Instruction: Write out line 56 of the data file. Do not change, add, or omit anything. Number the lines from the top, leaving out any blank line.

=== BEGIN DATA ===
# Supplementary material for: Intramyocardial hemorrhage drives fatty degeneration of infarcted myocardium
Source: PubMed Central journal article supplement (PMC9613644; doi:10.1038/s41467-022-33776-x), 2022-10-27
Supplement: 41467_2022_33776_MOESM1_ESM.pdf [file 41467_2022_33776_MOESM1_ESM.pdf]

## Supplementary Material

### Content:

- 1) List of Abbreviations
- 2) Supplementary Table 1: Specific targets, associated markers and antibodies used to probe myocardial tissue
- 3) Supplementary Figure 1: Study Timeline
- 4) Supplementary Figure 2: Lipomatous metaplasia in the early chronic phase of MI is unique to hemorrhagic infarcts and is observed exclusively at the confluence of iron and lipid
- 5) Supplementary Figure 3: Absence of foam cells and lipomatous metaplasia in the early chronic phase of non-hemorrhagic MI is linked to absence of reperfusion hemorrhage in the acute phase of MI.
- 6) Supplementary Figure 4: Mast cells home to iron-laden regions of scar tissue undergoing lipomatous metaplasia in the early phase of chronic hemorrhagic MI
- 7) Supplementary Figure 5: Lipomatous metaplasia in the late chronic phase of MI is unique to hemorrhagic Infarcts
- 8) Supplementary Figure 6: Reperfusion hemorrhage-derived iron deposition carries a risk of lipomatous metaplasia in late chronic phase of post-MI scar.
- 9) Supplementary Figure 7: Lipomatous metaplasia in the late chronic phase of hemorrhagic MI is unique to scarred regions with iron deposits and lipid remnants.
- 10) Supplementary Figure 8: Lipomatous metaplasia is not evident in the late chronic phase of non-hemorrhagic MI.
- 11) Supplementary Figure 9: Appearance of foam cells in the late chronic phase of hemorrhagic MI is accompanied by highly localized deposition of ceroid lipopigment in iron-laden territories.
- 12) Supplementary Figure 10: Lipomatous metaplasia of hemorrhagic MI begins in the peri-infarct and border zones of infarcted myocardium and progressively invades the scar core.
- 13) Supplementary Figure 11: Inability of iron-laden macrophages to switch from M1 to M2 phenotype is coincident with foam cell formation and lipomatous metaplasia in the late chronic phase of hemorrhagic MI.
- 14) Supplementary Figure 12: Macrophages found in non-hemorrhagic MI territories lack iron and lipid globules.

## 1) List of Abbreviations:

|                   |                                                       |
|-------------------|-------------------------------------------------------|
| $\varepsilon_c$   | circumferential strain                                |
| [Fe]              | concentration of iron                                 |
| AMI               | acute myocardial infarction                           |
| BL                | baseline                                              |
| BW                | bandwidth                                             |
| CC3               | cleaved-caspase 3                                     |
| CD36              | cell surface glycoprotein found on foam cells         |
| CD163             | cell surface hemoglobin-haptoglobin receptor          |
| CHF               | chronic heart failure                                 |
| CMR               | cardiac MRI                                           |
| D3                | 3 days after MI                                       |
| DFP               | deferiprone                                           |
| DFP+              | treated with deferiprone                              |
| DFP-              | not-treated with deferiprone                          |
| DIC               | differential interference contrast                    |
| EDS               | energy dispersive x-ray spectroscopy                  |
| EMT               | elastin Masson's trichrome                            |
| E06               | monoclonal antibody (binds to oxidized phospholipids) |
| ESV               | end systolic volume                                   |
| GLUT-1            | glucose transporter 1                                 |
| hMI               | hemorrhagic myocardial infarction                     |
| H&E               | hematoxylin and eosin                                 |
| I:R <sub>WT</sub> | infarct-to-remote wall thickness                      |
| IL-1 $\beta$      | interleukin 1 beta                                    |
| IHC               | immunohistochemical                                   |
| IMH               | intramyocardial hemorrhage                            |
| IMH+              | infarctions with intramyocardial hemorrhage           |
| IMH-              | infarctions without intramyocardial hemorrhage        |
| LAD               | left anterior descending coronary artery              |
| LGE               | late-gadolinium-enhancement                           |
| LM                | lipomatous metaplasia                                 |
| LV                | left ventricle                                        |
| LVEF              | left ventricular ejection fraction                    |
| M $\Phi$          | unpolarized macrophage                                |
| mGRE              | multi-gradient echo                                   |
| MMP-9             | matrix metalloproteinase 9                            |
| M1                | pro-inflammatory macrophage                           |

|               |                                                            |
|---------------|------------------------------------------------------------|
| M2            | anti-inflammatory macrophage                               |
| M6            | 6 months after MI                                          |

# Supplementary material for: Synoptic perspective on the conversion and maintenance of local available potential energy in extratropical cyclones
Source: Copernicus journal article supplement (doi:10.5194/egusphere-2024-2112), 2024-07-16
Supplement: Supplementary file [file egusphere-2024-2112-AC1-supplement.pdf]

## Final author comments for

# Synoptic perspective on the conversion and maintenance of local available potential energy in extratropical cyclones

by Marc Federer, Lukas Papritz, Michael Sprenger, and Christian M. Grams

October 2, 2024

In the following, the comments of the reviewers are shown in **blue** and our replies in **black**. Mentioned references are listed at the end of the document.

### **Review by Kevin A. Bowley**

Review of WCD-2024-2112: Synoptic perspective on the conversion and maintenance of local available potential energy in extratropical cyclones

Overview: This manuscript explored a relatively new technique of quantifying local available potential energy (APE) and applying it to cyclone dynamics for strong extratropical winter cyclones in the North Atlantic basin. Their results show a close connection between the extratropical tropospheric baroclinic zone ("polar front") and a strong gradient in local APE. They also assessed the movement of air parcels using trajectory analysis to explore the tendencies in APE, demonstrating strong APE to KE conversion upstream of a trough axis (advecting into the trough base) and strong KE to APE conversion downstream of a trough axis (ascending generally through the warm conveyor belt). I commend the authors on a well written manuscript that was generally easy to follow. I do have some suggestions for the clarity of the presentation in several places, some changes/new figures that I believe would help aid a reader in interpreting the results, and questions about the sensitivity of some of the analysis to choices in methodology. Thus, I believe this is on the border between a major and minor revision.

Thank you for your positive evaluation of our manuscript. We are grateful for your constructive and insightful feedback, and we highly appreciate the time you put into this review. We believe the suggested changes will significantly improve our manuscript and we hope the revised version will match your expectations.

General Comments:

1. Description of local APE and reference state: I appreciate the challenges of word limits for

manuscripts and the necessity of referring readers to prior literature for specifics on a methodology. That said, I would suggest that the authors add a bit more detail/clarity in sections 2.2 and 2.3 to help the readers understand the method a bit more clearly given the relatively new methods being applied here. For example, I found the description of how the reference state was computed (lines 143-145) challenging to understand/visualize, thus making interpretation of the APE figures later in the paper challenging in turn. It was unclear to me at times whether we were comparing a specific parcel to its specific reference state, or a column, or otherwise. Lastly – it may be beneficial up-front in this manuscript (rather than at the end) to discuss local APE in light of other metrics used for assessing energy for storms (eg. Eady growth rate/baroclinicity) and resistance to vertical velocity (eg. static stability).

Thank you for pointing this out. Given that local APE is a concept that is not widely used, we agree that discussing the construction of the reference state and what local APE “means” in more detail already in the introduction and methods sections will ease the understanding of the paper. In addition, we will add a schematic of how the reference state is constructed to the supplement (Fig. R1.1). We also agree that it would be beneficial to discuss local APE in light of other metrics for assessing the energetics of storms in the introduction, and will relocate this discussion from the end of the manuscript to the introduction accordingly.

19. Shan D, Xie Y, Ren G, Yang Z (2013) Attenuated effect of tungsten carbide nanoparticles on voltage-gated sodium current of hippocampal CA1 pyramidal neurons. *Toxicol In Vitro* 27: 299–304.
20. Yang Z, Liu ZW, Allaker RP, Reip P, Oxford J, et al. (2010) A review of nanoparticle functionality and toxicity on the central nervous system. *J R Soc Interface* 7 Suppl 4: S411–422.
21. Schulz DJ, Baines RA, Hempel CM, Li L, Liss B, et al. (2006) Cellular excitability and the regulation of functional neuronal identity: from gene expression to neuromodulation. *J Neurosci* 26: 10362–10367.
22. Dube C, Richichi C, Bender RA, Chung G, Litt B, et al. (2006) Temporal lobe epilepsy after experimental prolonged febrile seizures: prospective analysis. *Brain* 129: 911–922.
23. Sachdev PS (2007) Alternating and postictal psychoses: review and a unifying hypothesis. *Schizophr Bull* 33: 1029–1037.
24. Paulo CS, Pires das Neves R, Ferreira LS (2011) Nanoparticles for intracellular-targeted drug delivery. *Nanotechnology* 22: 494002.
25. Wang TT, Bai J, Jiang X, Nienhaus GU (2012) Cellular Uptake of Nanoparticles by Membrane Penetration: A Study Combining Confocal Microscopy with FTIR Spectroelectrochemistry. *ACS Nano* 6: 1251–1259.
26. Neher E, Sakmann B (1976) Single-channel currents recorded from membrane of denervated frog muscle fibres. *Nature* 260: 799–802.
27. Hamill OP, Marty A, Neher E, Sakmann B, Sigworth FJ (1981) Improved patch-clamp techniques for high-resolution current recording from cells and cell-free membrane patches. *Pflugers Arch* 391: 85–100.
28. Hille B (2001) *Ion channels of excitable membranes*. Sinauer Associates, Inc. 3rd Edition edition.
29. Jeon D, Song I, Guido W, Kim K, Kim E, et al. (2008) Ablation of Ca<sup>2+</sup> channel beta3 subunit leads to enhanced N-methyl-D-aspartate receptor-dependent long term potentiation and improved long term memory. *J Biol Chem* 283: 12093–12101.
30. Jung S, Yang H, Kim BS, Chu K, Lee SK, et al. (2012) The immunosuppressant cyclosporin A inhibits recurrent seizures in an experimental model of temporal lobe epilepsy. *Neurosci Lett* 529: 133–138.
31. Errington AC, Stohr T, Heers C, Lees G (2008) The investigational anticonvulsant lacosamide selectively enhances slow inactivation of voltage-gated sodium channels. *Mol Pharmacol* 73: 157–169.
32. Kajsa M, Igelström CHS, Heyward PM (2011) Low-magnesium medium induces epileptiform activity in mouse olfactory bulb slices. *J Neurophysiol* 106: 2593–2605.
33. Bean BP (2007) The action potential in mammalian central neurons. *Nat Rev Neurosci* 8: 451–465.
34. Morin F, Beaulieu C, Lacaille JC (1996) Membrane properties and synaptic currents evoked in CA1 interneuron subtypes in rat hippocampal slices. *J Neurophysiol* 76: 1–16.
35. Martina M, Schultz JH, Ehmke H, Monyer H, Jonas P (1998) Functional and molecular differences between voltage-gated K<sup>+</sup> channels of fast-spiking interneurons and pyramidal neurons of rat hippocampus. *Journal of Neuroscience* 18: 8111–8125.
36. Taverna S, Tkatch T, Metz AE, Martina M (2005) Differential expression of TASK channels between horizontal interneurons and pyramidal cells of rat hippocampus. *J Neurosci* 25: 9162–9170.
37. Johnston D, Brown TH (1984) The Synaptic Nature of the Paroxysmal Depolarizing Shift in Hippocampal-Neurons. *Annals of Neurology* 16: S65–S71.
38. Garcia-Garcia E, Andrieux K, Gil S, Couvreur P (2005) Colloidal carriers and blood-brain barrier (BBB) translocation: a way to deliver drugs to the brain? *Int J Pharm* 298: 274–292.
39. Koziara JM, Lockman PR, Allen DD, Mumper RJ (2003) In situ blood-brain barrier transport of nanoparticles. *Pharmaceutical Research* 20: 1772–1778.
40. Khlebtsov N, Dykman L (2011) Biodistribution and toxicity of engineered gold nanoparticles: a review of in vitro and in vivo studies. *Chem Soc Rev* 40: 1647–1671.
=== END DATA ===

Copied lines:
| M $\Phi$          | unpolarized macrophage                                |